Delivery workers in Vietnam’s thriving e-commerce industry increasingly expect their customers to transfer their goods and shipping fees online instead of paying them in cash, for fear of transmission amid the novel coronavirus disease (COVID-19) pandemic.
A sudden downpour wetted the streets of Ho Chi Minh City on Wednesday. Nguyen Van Hai, a deliveryman at Giaohangnhanh, a Vietnamese logistics service provider, was trying to wear his raincoat so that the goods on his old scooter would not become drenched.
“The rain is so heavy that I will deliver your goods around one hour late. I am sorry for any convenience caused!” Hai spoke to a lady on the phone.
After hanging up the phone, he told Tuoi Tre (Youth) newspaper that the job requires him to deliver goods as soon as possible.
Once he has closed a deal with his customers, he will deliver it whether it is sunny or rainy.
He said as a deliveryman for around one year, he has learned many unforgettable lessons, such as loss of goods, intentional non-delivery, and his customers unable to pay their fees.
For each successful delivery in less than 10 kilometers, he will receive around VND30,000-50,000 (US$1.28-2.14).
If he manages to ship more than a dozen orders, his monthly income could amount to VND10-15 million ($430-644).
It seems to him everyone thinks that delivery workers ‘hit the mother lode’ because of an upsurge in delivery demand on account of COVID-19.
Little do they know that there are many unseen worries. His work demands that he meet face-to-face dozens of customers on a daily basis, which increases the risk of COVID-19 infection for himself and his own family.
Counting money is another issue when contacting customers.
“I dreaded every time I had to count money or give change to the customers. Even with a hand wash right after, I still worried loads,” he said.
Hai said he has to put down a deposit’s worth of goods for store owners in case customers cancel their orders.
As usual, delivery workers pick up orders at the declared business locations, but many businesses would be based at a coffee shop, a curbside location or even a fake address.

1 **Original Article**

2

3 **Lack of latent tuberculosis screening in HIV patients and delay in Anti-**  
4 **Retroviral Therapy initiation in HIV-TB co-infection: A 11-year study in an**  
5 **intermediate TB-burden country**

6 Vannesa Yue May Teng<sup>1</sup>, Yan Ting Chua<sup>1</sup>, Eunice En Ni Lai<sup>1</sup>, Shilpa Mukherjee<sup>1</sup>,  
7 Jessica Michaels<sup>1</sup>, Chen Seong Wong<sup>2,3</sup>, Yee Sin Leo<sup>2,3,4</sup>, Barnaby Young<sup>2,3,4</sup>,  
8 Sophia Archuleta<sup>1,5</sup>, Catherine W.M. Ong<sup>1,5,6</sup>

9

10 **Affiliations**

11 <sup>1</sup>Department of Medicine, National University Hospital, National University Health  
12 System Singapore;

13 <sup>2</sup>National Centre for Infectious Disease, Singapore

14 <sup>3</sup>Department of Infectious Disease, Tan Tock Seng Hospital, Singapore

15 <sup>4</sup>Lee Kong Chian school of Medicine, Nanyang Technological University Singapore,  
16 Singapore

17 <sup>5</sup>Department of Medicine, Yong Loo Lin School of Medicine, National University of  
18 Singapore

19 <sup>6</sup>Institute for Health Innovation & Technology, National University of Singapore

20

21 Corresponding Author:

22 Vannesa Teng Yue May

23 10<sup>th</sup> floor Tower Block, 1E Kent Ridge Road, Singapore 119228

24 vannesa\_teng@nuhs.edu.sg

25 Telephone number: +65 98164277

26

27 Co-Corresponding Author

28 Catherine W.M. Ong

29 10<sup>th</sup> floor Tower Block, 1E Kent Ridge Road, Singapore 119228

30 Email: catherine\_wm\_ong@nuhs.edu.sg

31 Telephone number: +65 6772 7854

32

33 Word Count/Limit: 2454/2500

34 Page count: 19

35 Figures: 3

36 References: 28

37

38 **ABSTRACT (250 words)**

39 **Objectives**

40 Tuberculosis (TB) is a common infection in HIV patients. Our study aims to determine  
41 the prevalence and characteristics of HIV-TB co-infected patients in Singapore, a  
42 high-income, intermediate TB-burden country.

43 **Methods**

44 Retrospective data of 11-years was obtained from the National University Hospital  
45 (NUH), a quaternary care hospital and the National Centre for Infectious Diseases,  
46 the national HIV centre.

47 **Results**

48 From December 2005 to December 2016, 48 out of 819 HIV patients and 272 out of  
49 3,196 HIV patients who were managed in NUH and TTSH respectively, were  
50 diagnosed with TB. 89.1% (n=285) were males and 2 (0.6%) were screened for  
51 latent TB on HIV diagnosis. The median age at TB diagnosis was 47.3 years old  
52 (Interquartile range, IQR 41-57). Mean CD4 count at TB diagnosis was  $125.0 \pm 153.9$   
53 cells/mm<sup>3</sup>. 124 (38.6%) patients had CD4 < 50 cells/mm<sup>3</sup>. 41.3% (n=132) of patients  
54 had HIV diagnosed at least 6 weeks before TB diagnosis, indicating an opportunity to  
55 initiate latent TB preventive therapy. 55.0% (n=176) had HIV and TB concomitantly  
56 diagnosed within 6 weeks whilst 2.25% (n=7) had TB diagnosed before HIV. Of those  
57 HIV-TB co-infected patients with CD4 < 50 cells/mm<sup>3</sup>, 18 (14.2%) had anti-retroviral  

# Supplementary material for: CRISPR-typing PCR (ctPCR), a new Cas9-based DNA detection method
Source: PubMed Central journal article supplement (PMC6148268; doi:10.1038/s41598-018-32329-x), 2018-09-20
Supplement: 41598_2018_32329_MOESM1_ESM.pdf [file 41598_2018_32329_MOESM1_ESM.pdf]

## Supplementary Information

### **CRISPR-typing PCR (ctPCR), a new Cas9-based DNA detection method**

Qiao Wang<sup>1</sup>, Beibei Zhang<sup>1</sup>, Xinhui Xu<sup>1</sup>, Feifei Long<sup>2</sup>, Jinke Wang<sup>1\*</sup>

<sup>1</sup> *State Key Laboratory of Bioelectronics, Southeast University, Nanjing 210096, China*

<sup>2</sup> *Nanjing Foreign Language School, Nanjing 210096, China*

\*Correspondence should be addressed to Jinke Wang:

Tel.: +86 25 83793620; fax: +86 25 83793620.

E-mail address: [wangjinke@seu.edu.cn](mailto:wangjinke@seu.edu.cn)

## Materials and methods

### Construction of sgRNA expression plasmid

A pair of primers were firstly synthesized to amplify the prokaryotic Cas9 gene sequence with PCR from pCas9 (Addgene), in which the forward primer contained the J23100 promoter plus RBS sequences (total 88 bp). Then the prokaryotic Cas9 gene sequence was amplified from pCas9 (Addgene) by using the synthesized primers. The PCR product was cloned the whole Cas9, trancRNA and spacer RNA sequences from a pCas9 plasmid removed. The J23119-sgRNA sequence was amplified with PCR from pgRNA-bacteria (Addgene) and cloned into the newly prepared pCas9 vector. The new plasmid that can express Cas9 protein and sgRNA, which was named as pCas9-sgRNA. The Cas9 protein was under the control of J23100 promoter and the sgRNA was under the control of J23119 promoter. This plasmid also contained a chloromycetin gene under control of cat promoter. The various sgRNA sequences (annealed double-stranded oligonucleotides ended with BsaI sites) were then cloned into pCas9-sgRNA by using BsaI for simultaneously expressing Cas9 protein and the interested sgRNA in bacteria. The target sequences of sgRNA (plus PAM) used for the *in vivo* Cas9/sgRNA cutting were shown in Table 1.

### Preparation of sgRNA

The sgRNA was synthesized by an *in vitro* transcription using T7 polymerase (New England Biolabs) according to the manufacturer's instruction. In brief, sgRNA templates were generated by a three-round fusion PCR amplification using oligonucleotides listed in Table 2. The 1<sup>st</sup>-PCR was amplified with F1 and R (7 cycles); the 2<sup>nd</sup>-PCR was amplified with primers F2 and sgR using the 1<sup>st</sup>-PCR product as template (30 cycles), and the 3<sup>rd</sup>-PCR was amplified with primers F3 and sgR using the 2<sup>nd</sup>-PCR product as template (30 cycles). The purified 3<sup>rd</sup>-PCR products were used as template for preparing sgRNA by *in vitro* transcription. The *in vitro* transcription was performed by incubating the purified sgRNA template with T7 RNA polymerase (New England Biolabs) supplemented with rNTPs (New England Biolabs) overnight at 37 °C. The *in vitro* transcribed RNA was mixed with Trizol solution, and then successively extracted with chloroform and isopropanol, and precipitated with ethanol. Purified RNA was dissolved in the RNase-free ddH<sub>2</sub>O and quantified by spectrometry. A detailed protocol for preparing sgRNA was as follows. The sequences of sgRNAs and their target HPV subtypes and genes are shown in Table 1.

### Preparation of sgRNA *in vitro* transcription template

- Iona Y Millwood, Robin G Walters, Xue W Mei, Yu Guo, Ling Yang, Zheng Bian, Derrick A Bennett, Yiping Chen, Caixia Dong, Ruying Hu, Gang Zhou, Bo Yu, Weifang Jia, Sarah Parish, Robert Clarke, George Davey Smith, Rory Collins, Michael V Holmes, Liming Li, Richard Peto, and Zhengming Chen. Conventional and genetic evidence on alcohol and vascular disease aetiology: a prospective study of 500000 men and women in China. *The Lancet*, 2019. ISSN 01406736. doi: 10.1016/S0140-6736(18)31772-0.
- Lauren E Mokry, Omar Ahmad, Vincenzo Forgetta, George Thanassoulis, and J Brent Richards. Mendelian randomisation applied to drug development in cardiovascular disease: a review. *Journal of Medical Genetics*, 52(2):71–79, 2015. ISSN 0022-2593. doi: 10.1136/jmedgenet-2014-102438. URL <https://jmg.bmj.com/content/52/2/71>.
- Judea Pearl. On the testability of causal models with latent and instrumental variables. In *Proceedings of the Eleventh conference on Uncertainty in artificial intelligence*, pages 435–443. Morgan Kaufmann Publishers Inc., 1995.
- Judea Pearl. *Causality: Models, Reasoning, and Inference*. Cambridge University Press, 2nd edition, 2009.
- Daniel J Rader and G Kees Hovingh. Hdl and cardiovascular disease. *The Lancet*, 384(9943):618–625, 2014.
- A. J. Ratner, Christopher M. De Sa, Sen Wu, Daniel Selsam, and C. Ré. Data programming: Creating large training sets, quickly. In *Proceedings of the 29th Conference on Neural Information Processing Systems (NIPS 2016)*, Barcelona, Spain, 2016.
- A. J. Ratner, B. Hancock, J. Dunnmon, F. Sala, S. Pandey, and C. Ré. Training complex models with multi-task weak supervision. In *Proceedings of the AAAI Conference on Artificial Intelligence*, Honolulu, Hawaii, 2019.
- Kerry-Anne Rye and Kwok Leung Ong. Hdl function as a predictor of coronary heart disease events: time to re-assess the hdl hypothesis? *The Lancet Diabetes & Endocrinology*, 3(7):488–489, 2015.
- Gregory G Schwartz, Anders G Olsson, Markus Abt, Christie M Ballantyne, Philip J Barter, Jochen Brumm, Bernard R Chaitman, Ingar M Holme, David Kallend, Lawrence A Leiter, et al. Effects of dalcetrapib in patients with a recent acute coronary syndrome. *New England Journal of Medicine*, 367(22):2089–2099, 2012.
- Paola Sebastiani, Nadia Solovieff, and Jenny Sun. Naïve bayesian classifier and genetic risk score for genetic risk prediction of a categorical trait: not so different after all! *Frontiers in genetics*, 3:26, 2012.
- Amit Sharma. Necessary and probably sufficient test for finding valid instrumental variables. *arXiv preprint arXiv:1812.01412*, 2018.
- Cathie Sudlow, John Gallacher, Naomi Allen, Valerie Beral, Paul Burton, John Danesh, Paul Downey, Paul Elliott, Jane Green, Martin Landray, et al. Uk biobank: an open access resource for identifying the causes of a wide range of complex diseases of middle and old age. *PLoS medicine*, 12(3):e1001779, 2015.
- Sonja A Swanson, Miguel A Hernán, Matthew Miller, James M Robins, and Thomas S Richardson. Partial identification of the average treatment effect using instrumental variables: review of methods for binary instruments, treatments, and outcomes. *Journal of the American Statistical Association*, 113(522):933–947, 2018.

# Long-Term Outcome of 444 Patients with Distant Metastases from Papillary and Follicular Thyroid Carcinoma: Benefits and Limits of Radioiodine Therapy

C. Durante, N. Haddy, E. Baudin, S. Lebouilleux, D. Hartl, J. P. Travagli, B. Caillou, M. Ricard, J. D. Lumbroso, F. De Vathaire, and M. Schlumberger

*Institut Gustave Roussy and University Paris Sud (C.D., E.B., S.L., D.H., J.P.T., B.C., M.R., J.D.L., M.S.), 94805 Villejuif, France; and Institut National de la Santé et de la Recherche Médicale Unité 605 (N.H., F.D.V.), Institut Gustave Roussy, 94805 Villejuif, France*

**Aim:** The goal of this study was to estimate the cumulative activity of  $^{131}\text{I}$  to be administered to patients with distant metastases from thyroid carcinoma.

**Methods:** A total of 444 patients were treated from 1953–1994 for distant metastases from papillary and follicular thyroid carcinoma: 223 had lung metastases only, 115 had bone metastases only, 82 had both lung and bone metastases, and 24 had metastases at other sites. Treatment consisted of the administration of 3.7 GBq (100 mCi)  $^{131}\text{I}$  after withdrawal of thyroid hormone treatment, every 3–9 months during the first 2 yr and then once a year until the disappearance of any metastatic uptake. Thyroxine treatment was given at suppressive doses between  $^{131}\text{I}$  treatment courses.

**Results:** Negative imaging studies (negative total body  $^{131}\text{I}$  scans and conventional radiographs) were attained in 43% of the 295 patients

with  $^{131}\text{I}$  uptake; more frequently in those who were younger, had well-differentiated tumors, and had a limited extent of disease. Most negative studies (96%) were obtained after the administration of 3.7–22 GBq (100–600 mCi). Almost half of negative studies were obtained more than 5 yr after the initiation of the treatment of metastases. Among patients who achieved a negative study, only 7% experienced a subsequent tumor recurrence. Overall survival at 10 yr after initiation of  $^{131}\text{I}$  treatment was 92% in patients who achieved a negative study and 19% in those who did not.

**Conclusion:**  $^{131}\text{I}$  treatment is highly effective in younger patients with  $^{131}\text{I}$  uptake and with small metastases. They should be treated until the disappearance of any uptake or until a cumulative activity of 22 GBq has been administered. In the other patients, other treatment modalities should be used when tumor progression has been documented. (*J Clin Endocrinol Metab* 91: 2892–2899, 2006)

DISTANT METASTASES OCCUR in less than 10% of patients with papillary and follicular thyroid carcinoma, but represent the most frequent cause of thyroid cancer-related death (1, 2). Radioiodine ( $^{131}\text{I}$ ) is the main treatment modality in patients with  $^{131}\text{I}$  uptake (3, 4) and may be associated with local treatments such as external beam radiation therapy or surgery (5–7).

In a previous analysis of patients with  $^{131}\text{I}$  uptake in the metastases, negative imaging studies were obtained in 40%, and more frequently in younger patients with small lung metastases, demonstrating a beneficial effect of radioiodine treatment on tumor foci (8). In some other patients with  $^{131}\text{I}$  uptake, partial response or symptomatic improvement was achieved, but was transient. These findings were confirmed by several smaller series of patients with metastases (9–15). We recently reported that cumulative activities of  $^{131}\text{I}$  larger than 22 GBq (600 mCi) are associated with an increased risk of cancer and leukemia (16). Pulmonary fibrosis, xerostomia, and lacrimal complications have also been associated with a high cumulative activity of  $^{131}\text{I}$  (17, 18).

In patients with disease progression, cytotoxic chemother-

As the deliverymen come to the addresses, the customers would sometimes refuse to pick up the phone, or the addresses might not even exist.
Once Hai looked at the delivery items, he found them to be knock-offs.
“When I finally knew that I got duped, collecting the deposit was then like getting a camel through the eye of a needle. Most of the time, the delivery workers have to bear the brunt because they cannot find any information on the goods senders,” he said.
Every time the phone goes ‘ding,’ Bui Pham Thien Long, a delivery rider for on-demand meal delivery service GrabFood, jumps for joy, but more often than not that joy may be replaced by concerns over his customers choosing to pay in cash for food orders.
For around three years having worked for all kinds of Grab’s services, namely GrabBike, GrabExpress, and GrabFood, Long has still dreaded the thought of customers failing to keep in contact with him.
He explained a new order would have him running errands in the blazing heat for the customers, but sometimes they just would not come out of their houses or pick up the phone.
“Some folks would keep me waiting for nearly an hour under the scorching summer heat, but later refuse to take their orders,” he said.
“In those cases, I have no other choice but to return the items. Some days you just got unlucky and had a chain of order aborts. I would just cry on those days.”
|A lady receives food from a deliveryman. Photo: Quang Dinh / Tuoi Tre|
Relief from card payment